HMC research translation: speculations about making it real and going to scale.
ABSTRACT To discuss cross-cutting issues that emerge from this special issue on health behavior maintenance and to present recommendations from an "implementation and dissemination" perspective.
Reviews collective implementation strengths and limitations of the HMC articles and provides recommendations for dissemination.
Strategies for dissemination include actions-related study planning, analysis, promotion, and distribution of research results. Alternatives, which should be tailored to setting, intervention, and patient factors, include analyses of generalization, use of narratives, networks, and innovative partnerships.
Dissemination strategies can be used to enhance the chances that results will be translated into policy and practice.
SourceAvailable from: Renae L Smith-Ray[Show abstract] [Hide abstract]
ABSTRACT: There has been considerable advancement in our understanding of the im-pact of lifestyle and behavioral risk factors on the health and well-being of older adults. Early longitudinal evidence from the Alameda County Popula-tion Study demonstrated the association between behavioral risk factors such as smoking and physical activity and mortality and change in physical func-tioning in older adults (Kaplan, Seeman, Cohen, Knudsen, and Guralnik, 1987; Kaplan, Strawbridge, Camacho, and Cohen, 1993). More recent reviews of epidemiological, clinical, and longitudinal studies continue to confi rm the impact of behavioral risk factors, especially the use of tobacco, poor diet, physical inactivity, and alcohol consumption, not only on the major causes of death and disability, but also on health and well-being (Mokdad, Marks, Stroup, and Gerberding, 2004). We also have considerable surveillance data on the prevalence of these risk factors and the demographic distribution of these risk factors among subgroups of older adults (see chap. 7). Given the known impact of behavioral risk factors on health, the translation of effi ca-cious interventions on these and other behavioral risk factors into programs JHUP_prohaska.indd 161 10/12/11 2:12 PMPublic Health for an Aging Society, Edited by T. Prohaska, L. Anderson, R. Binstock, 01/2012: chapter Translation: Dissemination and Implementation Issues; Johns Hopkins Press.
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ABSTRACT: Purpose Programs focused on health related behaviors implemented in senior centers, senior housing or churches have not been strongly successful in showing significant improvement in cardiovascular disease (CVD) prevention behaviors or important clinical outcomes such as decreasing blood pressure. The purpose of this study was to consider the feasibility and preliminary efficacy of Phase I of the PRAISEDD-2 intervention. PRAISEDD-2 was implemented to increase physical activity, adherence to heart healthy diets and antihypertensive and/or lipid lowering medications. Method This was a single site pre post intervention trial. The 12 week Phase I activities included education, motivational interventions and exercise classes two times per week implemented by a lay trainer and nurse. Results A total of 29 residents were recruited from a single senior housing facility. The majority were black or African American, female and had at least a high school education. The average age of participants was 74 years of age. At the end of Phase I, participants had stronger outcome expectations for exercise, decreased fat and salt intake and decreased pain. There was a non-significant improvement in time spent in physical activity and distance walked in 6 minutes. Conclusion Phase I of the PRAISEDD-2 intervention was feasible based on adherence to study design, training of the interventionists, delivery and receipt and there was some support for efficacy across some study outcomes.Applied nursing research: ANR 08/2014; DOI:10.1016/j.apnr.2013.12.005 · 1.14 Impact Factor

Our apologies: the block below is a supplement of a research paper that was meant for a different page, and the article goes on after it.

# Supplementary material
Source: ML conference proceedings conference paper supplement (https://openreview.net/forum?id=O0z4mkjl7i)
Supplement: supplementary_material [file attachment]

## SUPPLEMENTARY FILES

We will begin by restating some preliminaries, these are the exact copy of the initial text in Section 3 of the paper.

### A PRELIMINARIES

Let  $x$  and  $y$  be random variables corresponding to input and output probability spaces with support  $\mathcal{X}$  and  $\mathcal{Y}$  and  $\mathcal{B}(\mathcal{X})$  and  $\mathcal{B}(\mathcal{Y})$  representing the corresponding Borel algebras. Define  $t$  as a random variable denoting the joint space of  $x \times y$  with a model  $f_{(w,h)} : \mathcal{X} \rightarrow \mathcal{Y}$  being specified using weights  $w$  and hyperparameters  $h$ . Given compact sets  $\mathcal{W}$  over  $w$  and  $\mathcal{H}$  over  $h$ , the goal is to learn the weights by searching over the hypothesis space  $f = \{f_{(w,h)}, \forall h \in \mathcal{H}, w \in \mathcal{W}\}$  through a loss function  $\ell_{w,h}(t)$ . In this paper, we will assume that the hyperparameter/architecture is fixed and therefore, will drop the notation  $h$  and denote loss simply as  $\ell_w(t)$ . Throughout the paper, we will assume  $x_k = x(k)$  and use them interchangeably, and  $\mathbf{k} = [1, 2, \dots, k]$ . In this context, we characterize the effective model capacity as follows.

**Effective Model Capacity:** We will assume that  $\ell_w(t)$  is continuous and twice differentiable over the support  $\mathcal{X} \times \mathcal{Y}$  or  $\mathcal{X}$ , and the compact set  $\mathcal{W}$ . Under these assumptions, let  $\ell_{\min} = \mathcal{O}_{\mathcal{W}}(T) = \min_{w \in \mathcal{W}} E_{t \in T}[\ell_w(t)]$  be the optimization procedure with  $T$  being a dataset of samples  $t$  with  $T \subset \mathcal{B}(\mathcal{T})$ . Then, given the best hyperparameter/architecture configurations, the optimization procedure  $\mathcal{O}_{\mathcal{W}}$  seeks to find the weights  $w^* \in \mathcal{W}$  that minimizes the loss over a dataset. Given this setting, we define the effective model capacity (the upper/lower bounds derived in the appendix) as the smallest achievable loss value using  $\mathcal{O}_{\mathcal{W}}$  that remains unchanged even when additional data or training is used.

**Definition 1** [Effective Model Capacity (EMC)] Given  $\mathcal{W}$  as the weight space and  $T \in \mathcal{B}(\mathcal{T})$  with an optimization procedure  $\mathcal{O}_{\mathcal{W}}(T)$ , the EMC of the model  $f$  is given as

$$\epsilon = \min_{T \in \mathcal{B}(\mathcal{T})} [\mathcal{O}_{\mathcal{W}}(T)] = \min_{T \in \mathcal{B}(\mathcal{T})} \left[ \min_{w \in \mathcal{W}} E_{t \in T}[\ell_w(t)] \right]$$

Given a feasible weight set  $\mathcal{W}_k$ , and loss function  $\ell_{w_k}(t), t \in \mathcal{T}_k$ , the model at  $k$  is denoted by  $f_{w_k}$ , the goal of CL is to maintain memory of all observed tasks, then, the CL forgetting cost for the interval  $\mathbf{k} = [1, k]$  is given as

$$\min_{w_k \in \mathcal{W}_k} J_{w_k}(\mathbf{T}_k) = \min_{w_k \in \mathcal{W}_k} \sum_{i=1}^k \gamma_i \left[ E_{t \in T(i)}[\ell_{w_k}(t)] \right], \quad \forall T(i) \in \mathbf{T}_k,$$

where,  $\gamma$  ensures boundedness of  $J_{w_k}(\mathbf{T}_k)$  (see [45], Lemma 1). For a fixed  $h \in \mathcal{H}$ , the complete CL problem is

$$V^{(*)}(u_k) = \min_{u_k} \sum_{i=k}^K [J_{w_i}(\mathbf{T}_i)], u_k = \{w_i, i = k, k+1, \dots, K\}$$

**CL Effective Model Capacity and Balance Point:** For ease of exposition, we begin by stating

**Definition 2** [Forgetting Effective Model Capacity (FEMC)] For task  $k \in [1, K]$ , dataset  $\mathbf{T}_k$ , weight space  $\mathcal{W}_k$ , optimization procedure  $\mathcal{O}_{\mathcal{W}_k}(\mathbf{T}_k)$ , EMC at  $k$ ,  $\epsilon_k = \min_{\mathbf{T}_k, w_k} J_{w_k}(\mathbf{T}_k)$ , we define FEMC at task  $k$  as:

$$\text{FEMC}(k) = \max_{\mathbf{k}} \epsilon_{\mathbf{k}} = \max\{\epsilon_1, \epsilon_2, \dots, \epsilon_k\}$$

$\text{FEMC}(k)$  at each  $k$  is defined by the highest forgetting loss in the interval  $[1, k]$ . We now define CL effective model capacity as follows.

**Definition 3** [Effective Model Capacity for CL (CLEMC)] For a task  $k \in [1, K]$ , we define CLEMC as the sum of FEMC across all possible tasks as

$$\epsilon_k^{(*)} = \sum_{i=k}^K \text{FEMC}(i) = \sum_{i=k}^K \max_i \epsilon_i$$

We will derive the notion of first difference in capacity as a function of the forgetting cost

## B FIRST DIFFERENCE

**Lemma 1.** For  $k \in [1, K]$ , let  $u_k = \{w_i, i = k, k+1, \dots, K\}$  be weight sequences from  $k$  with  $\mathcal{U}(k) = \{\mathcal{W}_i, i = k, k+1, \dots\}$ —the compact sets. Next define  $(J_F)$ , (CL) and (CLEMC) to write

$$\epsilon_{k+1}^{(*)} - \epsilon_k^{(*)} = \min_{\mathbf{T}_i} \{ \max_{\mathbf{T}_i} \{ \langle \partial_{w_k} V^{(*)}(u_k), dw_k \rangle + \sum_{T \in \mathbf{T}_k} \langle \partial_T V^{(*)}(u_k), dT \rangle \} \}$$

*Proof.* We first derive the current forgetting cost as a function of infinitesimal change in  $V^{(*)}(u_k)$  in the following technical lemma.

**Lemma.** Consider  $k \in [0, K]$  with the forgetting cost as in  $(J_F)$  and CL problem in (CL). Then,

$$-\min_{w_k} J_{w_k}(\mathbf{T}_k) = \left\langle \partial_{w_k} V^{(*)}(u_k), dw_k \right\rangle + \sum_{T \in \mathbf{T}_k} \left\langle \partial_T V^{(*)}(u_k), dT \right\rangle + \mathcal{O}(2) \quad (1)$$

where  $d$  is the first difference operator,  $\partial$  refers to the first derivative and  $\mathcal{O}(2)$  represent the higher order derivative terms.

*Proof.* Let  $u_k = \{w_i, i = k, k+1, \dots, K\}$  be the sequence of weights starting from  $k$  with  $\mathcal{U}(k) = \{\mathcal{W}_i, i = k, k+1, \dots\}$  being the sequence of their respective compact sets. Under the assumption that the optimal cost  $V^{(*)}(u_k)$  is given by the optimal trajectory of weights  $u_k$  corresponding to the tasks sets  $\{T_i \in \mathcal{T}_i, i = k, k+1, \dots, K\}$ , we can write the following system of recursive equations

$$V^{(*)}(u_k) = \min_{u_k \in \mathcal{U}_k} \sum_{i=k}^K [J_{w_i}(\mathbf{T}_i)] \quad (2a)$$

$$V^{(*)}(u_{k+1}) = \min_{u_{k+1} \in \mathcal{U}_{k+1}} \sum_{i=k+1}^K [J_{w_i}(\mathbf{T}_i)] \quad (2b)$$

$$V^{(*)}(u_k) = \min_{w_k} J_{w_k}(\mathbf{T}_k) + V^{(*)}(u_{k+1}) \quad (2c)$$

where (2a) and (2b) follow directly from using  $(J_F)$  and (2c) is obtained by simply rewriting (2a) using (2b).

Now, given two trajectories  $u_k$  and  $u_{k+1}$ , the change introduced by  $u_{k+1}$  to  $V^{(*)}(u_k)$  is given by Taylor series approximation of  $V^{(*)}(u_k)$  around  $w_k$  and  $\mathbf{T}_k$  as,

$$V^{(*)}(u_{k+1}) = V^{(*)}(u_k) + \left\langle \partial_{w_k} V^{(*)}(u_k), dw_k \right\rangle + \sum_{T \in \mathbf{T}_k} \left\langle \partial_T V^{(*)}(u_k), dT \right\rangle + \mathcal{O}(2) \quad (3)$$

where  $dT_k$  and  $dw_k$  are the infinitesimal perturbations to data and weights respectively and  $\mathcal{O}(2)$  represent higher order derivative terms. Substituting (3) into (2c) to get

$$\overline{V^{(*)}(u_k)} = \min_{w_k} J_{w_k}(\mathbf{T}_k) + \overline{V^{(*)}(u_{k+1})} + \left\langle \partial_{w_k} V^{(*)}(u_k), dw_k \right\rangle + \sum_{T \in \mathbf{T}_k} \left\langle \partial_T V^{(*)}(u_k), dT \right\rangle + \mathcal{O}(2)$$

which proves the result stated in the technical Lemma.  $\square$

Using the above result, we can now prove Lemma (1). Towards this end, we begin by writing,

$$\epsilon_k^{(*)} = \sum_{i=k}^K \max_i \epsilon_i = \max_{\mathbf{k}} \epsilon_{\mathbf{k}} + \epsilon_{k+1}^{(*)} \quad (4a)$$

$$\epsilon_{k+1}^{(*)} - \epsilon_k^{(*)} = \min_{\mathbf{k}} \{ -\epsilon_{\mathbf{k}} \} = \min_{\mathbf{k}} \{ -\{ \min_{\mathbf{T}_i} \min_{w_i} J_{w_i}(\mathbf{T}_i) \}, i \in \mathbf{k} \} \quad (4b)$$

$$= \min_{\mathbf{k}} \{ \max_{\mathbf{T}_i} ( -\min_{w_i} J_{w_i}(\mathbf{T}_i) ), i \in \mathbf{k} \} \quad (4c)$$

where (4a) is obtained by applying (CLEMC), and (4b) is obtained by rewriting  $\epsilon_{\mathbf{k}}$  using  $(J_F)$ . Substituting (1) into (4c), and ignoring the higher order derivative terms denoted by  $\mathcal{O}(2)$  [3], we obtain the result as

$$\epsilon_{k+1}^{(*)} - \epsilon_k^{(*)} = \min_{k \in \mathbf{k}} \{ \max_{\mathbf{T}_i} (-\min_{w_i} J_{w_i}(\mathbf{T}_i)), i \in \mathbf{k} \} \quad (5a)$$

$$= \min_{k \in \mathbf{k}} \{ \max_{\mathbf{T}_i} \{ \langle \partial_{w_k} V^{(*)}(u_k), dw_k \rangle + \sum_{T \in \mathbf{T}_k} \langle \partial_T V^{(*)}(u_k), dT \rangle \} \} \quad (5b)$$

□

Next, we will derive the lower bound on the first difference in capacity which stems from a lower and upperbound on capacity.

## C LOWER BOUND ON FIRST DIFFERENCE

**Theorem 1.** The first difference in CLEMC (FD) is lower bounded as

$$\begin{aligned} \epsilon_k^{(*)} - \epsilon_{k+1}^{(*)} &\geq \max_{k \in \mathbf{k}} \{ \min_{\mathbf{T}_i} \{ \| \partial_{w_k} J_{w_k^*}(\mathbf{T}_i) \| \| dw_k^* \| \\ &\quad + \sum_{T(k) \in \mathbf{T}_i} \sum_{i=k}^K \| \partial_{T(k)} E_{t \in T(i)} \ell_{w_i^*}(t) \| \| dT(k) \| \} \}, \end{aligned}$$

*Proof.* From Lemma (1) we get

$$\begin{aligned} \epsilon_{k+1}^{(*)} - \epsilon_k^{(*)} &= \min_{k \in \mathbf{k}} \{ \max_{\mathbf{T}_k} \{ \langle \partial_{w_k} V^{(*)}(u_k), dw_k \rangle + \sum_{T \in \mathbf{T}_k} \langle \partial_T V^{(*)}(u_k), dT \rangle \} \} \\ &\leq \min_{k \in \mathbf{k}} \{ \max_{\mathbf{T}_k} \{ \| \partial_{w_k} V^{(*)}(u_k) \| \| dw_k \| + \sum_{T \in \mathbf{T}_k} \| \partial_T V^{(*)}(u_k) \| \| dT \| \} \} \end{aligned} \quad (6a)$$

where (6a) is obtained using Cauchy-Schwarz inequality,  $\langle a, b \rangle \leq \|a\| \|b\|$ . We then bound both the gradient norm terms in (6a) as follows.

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ABSTRACT: Public health and other practitioners increasingly are being asked to implement policy and environmental change interventions, yet many practitioners lack the knowledge, skills, and resources to do so. In response to this need, a growing number of organizations are disseminating evidence-based interventions (EBIs) and building practitioners' capacity to use those interventions in practice. Although advances have been made on approaches to disseminating individual-level EBIs, little is known about the optimal way to disseminate EBIs to promote policy and environmental change.International Journal of Behavioral Medicine 07/2014; DOI:10.1007/s12529-014-9427-1 · 2.63 Impact Factor